CRIMINAL DATA, ZOOMED.
Visualizing relationships between criminal activities and urban design.
for CMU Communication Design Studio
This is an individual project.
Create a platform that allow users to discover the important relationships between sets of seemingly unrelated urban data.
A web-based data visualization platform for planners to discover the covariant relationship between low-level crimes and urban design elements by neighborhood.
THE DESIGN PROCESS
Identifying Opportunities in Data
During the initial data exploration, I found low-level crime data interesting for its rich information on offenders but light on environmental context.
Interested to see whether environmental characteristics also contribute to the advances of crime, I overlaid the crime data with other geo-referenced data.
I started to discover a series of interesting patterns showing the locational context (in this case, land use) of crime instances. I also found that existing mapping convention reduce the significance of overlapping data points.
In designing an experience to view this data,I developed two narrations and tested it on 10 classmates. I asked for feedbacks on readability and clarity – what is the story? where do you start get confused? what information do you need to proceed?
Determining Audience & Purpose
After multiple testing on students, I realized that students' low engagement with the narratives is mostly because "land uses" does not directly resonate with their daily lives.
This realization urged me consider the potential audience of this data visualization tool in the design process to make the tool most relevant and the revealed knowledge applicable.
Clickable Prototypes & Testing
After getting feedbacks and defining audience, I started building the full data visualization sequence. I was able to create three versions of clickable prototypes for usability testing. Due to time/resource constraints, these testing were done by classmates (design students), as supposed to the targeted audience.
Between each iteration of prototype, I went through extensive studies on form, color, and position in both static and animated stages.
One of the biggest challenges was the color metaphor for land uses – many users (design students) expressed confusion of color relevance (red: commercial; yellow/orange: residential), seeing red as "aggressive/warning" colors. However, considering the knowledge base of targeted audience, the color metaphor should be intuitive – they match the color standards for land use mapping in the planning industry.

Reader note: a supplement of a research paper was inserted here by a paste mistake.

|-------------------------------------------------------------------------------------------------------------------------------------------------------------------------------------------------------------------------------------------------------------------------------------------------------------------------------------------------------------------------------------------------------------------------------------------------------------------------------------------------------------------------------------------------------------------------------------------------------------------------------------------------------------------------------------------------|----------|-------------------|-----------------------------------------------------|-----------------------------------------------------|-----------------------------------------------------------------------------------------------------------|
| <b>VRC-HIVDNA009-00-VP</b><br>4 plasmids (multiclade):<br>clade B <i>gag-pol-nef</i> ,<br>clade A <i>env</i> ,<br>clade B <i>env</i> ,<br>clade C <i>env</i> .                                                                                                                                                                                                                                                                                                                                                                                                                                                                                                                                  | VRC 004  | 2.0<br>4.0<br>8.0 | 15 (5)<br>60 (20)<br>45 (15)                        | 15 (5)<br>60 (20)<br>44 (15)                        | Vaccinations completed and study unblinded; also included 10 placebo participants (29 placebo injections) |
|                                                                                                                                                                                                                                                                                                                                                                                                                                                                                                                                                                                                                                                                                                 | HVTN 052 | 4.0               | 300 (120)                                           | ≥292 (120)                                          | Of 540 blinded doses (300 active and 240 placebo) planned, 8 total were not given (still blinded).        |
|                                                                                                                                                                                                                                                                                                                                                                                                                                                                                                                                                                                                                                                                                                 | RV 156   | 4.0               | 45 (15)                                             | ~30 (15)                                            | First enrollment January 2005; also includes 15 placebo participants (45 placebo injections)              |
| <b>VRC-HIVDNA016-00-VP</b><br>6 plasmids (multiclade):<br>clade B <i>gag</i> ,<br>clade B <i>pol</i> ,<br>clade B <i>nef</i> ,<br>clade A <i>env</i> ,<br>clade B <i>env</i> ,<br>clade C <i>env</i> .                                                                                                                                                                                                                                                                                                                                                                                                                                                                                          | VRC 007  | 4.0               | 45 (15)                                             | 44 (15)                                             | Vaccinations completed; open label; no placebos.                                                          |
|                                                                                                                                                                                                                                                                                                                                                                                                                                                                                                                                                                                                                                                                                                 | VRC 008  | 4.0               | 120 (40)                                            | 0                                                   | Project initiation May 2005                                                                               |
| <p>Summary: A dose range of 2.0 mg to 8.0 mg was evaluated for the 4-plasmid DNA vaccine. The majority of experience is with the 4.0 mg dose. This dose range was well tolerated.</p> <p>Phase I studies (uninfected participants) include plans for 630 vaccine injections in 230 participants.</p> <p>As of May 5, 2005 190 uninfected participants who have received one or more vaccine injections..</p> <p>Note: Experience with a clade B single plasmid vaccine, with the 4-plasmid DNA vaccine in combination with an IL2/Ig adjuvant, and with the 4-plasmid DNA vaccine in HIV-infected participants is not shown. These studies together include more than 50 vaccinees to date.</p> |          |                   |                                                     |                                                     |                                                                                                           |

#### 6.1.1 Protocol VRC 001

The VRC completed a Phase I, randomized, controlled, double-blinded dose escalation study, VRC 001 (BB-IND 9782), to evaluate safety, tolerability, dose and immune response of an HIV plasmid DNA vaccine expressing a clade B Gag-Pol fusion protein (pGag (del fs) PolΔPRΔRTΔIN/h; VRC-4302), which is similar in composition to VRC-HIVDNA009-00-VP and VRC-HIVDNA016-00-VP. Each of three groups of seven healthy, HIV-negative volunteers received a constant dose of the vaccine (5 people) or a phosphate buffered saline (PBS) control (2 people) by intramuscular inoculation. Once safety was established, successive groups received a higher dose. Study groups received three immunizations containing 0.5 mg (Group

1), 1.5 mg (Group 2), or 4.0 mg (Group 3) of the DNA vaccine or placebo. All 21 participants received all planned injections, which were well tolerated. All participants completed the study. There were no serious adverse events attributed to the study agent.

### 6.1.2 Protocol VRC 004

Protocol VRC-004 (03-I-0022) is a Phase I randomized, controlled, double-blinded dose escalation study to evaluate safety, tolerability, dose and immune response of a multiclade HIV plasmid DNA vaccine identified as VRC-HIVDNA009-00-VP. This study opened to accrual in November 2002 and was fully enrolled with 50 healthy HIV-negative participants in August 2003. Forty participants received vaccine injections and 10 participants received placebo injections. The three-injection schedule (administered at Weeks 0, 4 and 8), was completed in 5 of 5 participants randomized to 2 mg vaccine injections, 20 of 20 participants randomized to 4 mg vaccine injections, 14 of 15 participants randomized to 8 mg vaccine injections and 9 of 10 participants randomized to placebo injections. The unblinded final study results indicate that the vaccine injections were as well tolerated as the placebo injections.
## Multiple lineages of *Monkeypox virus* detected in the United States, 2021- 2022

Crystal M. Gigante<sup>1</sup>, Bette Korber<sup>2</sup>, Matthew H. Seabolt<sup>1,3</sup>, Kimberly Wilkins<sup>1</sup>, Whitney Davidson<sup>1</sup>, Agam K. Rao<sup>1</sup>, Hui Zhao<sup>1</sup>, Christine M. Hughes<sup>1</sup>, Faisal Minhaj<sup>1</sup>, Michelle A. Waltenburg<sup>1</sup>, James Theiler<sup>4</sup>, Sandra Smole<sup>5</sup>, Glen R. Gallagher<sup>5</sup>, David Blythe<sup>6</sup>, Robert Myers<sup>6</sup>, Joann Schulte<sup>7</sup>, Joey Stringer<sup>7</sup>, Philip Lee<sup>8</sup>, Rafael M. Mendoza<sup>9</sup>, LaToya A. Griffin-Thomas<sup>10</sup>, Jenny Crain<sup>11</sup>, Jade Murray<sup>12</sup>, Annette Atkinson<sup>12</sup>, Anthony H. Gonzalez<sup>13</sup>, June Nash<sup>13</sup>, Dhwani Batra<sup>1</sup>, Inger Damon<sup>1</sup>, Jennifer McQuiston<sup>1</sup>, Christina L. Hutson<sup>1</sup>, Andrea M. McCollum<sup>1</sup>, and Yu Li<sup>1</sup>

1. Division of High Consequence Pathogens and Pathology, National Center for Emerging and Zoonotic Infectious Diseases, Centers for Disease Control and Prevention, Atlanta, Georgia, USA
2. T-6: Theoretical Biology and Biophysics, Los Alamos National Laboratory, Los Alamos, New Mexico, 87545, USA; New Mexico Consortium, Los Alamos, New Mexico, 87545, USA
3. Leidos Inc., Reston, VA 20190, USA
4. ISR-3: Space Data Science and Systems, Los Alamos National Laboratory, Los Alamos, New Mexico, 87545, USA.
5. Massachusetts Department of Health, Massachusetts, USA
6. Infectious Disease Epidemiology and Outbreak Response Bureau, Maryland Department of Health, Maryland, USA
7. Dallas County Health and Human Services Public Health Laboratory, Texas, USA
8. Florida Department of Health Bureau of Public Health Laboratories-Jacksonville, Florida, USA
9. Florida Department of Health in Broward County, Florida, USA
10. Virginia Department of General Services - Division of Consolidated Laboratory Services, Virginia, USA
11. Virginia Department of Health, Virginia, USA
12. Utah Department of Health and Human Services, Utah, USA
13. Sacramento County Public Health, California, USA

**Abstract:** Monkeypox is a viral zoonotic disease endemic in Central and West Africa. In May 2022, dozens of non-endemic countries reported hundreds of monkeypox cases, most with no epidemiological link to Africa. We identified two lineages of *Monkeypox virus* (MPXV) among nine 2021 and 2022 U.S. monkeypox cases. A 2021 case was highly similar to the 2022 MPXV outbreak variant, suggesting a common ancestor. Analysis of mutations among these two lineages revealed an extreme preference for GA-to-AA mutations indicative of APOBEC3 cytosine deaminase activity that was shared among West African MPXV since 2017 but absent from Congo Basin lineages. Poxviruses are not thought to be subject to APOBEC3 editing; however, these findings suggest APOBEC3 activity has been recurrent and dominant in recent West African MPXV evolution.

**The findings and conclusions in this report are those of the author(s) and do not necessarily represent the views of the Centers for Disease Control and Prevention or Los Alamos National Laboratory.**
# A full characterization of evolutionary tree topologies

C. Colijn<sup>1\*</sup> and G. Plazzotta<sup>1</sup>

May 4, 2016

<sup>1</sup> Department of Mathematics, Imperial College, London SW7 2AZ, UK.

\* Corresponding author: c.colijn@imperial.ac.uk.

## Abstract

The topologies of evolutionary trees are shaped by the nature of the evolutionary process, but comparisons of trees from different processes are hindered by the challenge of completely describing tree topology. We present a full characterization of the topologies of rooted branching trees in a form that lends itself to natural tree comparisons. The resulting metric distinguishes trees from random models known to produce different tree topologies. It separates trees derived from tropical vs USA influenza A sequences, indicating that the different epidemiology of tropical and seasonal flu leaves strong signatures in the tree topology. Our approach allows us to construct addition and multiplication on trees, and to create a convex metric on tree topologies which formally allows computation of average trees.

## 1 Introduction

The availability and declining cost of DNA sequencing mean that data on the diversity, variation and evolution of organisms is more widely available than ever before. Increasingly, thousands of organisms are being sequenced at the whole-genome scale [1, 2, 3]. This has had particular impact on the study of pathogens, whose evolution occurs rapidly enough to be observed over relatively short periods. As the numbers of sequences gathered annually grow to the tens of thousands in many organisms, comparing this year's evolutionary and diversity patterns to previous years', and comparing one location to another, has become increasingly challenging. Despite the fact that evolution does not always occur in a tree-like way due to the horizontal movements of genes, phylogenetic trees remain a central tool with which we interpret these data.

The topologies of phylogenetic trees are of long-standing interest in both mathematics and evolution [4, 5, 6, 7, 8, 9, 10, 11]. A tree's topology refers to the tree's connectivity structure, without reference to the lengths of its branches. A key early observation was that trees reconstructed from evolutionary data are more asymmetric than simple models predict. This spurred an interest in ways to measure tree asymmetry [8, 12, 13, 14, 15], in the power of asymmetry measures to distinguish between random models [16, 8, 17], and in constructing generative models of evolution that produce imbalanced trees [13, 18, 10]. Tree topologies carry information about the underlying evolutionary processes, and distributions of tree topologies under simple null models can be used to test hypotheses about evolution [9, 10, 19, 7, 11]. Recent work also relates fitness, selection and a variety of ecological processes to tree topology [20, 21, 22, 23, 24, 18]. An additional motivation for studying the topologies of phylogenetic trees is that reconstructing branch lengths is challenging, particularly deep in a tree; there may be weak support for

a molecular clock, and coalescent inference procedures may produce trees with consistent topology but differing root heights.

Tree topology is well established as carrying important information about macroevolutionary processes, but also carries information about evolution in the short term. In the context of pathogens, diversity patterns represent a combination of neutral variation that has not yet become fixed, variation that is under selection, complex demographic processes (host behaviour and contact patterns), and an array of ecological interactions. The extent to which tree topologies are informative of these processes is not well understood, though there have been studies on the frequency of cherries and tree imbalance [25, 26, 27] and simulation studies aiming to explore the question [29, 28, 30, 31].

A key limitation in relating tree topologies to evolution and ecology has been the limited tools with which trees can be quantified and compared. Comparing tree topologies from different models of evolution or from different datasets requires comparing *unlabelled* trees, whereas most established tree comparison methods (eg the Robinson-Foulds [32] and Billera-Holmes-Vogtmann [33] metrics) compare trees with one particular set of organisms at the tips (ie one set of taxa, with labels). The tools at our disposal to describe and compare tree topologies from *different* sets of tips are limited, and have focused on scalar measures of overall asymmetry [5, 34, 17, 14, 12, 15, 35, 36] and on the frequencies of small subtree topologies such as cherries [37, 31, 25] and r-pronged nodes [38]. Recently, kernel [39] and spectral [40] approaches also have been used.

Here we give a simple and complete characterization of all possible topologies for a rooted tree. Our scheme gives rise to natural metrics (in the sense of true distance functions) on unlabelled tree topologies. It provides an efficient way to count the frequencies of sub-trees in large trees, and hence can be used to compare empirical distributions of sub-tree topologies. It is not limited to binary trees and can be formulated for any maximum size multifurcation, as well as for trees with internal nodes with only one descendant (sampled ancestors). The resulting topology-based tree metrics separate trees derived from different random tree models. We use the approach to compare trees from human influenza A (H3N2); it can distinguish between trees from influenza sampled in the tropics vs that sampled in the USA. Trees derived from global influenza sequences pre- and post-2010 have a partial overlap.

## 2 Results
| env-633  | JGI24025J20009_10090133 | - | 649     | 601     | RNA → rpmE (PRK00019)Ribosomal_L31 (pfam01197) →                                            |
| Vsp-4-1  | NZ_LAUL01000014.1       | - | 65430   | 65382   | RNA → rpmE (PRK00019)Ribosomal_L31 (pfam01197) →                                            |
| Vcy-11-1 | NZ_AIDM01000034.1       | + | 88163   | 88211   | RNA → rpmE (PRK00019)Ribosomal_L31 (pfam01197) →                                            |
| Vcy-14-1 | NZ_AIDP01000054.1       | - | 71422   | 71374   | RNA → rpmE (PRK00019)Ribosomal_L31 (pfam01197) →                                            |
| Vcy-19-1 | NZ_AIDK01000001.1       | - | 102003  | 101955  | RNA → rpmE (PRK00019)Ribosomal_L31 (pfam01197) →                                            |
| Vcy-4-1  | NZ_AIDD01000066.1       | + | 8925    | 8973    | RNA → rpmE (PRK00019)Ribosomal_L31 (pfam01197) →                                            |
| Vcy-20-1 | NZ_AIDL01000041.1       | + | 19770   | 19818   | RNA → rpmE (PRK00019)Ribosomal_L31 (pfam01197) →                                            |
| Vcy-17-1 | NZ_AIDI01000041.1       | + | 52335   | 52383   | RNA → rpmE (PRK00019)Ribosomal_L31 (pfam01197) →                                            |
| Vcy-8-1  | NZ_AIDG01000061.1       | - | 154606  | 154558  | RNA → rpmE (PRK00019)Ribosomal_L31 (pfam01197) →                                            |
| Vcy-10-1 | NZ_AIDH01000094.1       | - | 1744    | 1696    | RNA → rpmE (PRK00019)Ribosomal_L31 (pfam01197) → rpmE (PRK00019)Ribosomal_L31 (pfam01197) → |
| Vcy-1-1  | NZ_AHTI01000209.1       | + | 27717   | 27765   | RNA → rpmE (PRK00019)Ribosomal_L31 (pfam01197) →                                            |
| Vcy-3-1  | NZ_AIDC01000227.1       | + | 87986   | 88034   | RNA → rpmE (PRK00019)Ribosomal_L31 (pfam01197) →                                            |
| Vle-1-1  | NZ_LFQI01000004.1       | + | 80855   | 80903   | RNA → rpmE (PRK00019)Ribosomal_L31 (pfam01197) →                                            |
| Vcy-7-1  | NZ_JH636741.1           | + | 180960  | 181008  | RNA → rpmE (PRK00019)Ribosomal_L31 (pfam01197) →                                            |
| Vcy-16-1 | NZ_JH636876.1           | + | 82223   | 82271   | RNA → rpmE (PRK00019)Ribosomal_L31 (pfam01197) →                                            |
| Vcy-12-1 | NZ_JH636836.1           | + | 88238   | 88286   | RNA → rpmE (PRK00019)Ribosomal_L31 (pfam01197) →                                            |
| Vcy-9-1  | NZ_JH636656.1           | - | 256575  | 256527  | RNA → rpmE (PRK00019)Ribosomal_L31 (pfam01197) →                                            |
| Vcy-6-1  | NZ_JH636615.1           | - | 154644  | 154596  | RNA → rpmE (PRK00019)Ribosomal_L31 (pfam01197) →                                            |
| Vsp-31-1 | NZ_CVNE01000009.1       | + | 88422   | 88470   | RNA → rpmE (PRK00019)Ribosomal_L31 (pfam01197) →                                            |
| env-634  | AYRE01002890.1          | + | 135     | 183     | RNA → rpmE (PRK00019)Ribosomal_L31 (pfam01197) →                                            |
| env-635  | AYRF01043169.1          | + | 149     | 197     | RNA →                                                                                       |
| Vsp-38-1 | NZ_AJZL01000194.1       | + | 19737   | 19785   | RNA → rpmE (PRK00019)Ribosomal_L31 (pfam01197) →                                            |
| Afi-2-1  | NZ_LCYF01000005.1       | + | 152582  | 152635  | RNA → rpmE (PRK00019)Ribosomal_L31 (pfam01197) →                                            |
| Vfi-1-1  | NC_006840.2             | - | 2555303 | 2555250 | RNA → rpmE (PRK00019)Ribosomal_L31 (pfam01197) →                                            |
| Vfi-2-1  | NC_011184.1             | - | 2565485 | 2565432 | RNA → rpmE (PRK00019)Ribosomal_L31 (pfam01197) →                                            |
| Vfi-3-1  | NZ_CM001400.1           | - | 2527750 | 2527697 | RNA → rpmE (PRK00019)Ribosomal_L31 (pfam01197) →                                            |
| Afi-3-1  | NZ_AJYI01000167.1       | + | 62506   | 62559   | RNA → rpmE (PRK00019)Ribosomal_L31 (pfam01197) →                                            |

The Final Design
The final design was significantly improved from the early versions in terms of storytelling, visual design, clarity, and data features. The design started with giving user the context and provide options for users to choose their crime/neighborhood of interest. The main dashboard prominently features the total crime instance count and treats each crime instance as equal. The dashboard allows for toggling of multiple features (main panel), shifting view point (grid vs. map), and changing crime/neighborhood (secondary panel). The design is flexible, yet its presentation and visual hierarchy guide visitors through a main storyline.
Watch the full demo here!
(Clickable prototype available through Kite Compositor for iOS upon request.)
Feedback and Next Steps
On the final demo day, I received many useful feedback from professors and classmates – mostly around data and features that could be added to support my targeted audience. For instance, the day/night information, together with dates, could potentially draw connection between special events (ex. Steeler's games) and certain crime type (ex. public drunkenness).
Moving forward, I would bring this tool to the targeted users – planners and local activist groups – and get their feedback on the usefulness of this tool and iterate from there.